Other things that you will learn from Mr. Miniter in this book include, but are far from limited to, how to tie a bow tie, how to throw a curveball, how to field dress a deer, and "The Gentleman's 20 Rules of Conduct." He also offers manly profiles of historical tough guys throughout the book, under headlines which read "Portrait of a Man," and writes these for people such as Winston Churchill and Theodore Roosevelt.

Truth be told, this book is actually one of a trio of non-fiction books I have read this summer, which has served to inspire me to continue working harder on my dream. I want to be a writer, who writes about the subjects he is passionate about, and is also someone who can inspire and help others. If you are wondering what the other two books are, the second book in the trio is Start by Jon Acuff, which I have written about at least once or twice, and the third book is Game Changer by former MSU and current Washington Redskins quarterback Kirk Cousins which is an excellent tale of perseverance, determination, and following your dreams. I have learned an awful lot from these three books, and I have tried to take everything I have learned, roll it into one, and apply it to what I am doing. I try to write a serious and thoughtful blog and maintain a certain level of humor at the same time which can be tricky. Thank you very much for reading and, as always, please feel free to comment.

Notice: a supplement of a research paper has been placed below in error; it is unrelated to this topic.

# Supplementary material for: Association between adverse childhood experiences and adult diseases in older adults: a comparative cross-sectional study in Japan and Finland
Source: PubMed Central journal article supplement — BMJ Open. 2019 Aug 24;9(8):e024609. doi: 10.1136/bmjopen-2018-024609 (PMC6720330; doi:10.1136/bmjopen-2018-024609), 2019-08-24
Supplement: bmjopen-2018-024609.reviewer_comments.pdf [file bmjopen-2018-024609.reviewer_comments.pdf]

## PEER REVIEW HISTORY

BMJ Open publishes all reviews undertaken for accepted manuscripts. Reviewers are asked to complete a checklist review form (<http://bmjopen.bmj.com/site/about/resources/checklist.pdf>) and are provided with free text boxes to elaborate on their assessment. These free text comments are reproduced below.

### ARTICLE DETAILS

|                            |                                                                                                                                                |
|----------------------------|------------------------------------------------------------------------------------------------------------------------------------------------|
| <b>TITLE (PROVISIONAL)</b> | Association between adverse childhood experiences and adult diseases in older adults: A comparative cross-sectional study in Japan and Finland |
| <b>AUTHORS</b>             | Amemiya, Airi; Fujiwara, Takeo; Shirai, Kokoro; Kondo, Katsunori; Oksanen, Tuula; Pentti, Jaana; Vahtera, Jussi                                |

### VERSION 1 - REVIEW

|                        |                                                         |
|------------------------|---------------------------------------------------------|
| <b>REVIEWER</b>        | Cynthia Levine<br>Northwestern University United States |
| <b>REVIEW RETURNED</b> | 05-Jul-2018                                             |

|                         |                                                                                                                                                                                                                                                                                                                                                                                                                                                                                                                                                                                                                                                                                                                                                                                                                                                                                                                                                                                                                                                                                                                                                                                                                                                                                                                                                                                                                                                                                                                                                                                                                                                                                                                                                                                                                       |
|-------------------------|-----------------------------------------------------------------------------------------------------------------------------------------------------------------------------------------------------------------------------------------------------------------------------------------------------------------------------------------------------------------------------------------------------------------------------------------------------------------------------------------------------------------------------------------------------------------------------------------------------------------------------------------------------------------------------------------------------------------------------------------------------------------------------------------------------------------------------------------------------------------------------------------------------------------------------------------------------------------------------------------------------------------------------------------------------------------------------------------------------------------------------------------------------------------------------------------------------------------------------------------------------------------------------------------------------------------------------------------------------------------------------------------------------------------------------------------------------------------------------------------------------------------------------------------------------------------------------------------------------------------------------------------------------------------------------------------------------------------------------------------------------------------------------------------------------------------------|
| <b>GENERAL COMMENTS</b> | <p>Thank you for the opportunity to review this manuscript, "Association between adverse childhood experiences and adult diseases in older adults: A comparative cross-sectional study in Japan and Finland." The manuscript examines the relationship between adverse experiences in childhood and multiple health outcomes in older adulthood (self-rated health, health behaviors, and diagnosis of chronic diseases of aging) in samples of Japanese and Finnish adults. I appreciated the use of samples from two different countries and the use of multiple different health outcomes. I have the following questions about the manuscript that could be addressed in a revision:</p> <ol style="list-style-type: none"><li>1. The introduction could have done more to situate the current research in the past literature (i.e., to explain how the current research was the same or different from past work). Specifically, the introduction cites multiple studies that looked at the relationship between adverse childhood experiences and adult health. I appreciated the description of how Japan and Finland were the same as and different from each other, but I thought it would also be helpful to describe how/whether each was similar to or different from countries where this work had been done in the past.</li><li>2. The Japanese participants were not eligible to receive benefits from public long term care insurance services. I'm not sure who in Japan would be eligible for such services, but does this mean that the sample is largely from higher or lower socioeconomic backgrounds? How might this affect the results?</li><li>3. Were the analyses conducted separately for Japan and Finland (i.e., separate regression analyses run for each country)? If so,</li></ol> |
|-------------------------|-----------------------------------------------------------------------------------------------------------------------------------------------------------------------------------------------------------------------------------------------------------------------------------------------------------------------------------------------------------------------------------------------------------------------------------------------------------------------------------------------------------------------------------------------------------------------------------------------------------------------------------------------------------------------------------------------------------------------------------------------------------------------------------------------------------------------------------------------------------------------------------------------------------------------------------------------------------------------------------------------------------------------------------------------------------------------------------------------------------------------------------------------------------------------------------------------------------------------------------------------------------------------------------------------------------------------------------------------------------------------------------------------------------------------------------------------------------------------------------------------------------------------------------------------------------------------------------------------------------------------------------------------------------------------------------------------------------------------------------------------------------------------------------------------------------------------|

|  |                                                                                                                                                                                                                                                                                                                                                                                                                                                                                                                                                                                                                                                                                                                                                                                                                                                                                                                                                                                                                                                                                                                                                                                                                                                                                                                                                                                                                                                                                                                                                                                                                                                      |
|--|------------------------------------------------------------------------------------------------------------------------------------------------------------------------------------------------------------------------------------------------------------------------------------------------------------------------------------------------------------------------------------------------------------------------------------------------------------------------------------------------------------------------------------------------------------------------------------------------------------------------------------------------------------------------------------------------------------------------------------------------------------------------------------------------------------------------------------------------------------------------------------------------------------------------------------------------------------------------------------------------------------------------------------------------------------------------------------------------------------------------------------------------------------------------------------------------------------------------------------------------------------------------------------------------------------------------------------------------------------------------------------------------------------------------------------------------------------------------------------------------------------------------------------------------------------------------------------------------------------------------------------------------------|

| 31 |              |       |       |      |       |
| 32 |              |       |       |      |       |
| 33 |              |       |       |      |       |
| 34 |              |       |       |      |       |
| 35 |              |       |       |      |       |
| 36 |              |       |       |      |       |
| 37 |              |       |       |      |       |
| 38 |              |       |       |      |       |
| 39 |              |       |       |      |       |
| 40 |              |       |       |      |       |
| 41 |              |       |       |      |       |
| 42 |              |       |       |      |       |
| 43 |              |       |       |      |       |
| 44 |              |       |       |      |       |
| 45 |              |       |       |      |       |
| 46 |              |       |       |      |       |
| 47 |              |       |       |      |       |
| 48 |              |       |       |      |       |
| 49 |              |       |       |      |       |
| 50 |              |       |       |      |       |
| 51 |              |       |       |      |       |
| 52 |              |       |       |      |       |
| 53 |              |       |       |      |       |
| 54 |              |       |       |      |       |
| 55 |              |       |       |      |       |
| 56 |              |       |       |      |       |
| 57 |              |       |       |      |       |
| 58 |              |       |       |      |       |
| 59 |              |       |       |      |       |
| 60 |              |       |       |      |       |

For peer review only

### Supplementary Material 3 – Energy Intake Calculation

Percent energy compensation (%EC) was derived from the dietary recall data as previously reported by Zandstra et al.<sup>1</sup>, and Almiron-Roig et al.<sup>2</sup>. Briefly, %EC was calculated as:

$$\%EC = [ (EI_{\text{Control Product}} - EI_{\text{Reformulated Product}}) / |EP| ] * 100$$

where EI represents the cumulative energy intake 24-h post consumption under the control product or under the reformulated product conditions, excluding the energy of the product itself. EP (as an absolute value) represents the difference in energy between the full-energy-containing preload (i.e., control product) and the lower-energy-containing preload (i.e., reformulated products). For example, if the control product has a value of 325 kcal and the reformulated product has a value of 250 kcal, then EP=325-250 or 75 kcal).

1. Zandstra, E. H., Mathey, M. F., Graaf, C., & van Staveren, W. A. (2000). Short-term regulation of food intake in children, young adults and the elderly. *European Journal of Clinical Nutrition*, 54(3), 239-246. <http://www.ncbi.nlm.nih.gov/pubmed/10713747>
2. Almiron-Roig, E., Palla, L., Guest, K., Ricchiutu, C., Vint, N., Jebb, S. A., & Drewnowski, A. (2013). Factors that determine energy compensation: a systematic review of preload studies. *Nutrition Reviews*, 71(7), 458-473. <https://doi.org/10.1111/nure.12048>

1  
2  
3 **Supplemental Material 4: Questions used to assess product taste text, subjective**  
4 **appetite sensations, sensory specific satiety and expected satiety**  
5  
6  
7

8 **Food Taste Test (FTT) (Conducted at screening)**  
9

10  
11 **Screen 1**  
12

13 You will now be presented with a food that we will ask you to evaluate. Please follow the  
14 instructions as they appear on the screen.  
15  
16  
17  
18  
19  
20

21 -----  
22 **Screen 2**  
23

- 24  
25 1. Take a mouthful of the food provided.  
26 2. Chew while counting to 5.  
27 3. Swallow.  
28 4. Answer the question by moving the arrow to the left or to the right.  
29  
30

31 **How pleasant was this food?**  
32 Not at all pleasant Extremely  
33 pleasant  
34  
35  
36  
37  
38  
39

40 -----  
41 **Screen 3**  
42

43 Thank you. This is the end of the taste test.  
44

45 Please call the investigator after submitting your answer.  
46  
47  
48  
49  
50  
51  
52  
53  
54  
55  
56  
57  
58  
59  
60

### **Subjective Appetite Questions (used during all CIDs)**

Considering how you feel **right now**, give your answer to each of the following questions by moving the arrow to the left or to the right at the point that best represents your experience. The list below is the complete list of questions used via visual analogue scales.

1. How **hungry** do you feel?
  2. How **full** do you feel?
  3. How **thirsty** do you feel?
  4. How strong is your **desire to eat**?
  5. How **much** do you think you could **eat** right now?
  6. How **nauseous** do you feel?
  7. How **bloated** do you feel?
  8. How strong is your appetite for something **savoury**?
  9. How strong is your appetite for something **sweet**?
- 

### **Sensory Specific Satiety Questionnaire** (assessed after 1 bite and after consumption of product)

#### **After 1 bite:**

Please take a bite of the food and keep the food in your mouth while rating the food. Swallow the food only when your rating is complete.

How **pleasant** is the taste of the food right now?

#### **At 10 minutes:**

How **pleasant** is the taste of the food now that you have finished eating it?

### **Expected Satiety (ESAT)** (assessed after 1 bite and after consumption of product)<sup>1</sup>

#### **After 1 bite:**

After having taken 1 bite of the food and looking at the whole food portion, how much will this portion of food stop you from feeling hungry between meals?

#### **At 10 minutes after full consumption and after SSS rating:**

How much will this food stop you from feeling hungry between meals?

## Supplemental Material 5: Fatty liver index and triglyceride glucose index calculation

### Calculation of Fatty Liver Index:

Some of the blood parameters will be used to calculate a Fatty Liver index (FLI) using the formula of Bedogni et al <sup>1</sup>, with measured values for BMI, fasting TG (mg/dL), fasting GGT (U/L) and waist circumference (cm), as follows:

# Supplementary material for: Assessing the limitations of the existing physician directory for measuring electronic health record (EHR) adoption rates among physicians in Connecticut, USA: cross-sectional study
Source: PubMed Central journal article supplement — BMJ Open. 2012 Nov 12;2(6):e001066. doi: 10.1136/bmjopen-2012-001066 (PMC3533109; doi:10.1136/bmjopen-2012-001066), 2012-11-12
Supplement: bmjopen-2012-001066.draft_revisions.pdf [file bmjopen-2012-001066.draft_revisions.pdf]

Till next time,
BF




References:
Miniter, Frank. The Ultimate Man's Survival Guide: Recovering the Lost Art of Manhood. Washington,          D.C.: Regnery, 2013. Print.